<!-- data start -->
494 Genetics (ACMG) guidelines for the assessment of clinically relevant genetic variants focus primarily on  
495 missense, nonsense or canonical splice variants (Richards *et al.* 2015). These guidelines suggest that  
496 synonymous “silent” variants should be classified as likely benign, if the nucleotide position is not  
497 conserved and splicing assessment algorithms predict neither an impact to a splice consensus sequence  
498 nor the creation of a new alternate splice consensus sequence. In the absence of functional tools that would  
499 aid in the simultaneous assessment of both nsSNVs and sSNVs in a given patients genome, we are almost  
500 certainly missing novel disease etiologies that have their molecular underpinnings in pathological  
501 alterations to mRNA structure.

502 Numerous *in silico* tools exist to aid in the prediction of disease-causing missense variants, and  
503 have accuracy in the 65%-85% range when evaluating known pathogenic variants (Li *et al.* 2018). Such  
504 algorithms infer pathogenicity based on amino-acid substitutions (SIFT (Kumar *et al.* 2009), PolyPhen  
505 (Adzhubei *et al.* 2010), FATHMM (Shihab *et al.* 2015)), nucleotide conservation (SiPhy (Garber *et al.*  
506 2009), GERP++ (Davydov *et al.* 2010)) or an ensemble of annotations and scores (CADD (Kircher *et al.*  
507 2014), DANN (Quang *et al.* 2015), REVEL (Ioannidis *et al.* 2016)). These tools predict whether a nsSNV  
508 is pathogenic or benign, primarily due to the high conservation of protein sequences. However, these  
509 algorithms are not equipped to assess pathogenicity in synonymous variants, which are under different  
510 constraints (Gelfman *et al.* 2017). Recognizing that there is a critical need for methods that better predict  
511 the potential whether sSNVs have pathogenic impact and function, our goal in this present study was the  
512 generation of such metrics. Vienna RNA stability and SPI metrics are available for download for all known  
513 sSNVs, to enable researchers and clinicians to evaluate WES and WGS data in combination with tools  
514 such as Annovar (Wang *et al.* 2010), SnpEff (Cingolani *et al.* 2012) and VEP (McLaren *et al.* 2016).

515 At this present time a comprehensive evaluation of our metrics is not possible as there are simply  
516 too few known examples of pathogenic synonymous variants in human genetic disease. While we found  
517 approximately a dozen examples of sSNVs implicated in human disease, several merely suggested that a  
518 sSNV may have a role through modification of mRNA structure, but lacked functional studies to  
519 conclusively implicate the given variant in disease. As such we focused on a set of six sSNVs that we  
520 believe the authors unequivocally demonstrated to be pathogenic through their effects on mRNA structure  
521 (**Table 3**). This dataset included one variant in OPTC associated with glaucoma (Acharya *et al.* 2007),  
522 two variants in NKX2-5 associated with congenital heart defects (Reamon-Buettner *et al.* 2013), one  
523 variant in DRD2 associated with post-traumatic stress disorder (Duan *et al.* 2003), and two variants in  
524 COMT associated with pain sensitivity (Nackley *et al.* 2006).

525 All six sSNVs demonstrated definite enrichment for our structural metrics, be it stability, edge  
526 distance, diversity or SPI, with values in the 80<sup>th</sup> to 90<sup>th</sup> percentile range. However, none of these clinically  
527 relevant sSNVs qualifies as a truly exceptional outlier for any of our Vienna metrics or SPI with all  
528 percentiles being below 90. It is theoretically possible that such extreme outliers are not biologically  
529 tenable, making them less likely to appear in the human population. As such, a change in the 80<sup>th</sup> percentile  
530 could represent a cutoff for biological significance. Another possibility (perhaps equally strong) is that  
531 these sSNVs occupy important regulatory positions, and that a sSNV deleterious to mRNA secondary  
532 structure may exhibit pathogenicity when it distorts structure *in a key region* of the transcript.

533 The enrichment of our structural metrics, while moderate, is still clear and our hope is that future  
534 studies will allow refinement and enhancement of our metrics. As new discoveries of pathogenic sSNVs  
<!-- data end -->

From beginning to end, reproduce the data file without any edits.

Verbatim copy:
494 Genetics (ACMG) guidelines for the assessment of clinically relevant genetic variants focus primarily on  
495 missense, nonsense or canonical splice variants (Richards *et al.* 2015). These guidelines suggest that  
496 synonymous “silent” variants should be classified as likely benign, if the nucleotide position is not  
497 conserved and splicing assessment algorithms predict neither an impact to a splice consensus sequence  
498 nor the creation of a new alternate splice consensus sequence. In the absence of functional tools that would  
499 aid in the simultaneous assessment of both nsSNVs and sSNVs in a given patients genome, we are almost  
500 certainly missing novel disease etiologies that have their molecular underpinnings in pathological  
501 alterations to mRNA structure.

502 Numerous *in silico* tools exist to aid in the prediction of disease-causing missense variants, and  
503 have accuracy in the 65%-85% range when evaluating known pathogenic variants (Li *et al.* 2018). Such  
504 algorithms infer pathogenicity based on amino-acid substitutions (SIFT (Kumar *et al.* 2009), PolyPhen  
505 (Adzhubei *et al.* 2010), FATHMM (Shihab *et al.* 2015)), nucleotide conservation (SiPhy (Garber *et al.*  
506 2009), GERP++ (Davydov *et al.* 2010)) or an ensemble of annotations and scores (CADD (Kircher *et al.*  
507 2014), DANN (Quang *et al.* 2015), REVEL (Ioannidis *et al.* 2016)). These tools predict whether a nsSNV  
508 is pathogenic or benign, primarily due to the high conservation of protein sequences. However, these  
509 algorithms are not equipped to assess pathogenicity in synonymous variants, which are under different  
510 constraints (Gelfman *et al.* 2017). Recognizing that there is a critical need for methods that better predict  
511 the potential whether sSNVs have pathogenic impact and function, our goal in this present study was the  
512 generation of such metrics. Vienna RNA stability and SPI metrics are available for download for all known  
513 sSNVs, to enable researchers and clinicians to evaluate WES and WGS data in combination with tools  
514 such as Annovar (Wang *et al.* 2010), SnpEff (Cingolani *et al.* 2012) and VEP (McLaren *et al.* 2016).

515 At this present time a comprehensive evaluation of our metrics is not possible as there are simply  
516 too few known examples of pathogenic synonymous variants in human genetic disease. While we found  
517 approximately a dozen examples of sSNVs implicated in human disease, several merely suggested that a  
518 sSNV may have a role through modification of mRNA structure, but lacked functional studies to  
519 conclusively implicate the given variant in disease. As such we focused on a set of six sSNVs that we  
520 believe the authors unequivocally demonstrated to be pathogenic through their effects on mRNA structure  
521 (**Table 3**). This dataset included one variant in OPTC associated with glaucoma (Acharya *et al.* 2007),  
522 two variants in NKX2-5 associated with congenital heart defects (Reamon-Buettner *et al.* 2013), one  
523 variant in DRD2 associated with post-traumatic stress disorder (Duan *et al.* 2003), and two variants in  
524 COMT associated with pain sensitivity (Nackley *et al.* 2006).

525 All six sSNVs demonstrated definite enrichment for our structural metrics, be it stability, edge  
526 distance, diversity or SPI, with values in the 80<sup>th</sup> to 90<sup>th</sup> percentile range. However, none of these clinically  
527 relevant sSNVs qualifies as a truly exceptional outlier for any of our Vienna metrics or SPI with all  
528 percentiles being below 90. It is theoretically possible that such extreme outliers are not biologically  
529 tenable, making them less likely to appear in the human population. As such, a change in the 80<sup>th</sup> percentile  
530 could represent a cutoff for biological significance. Another possibility (perhaps equally strong) is that  
531 these sSNVs occupy important regulatory positions, and that a sSNV deleterious to mRNA secondary  
532 structure may exhibit pathogenicity when it distorts structure *in a key region* of the transcript.

533 The enrichment of our structural metrics, while moderate, is still clear and our hope is that future  
534 studies will allow refinement and enhancement of our metrics. As new discoveries of pathogenic sSNVs  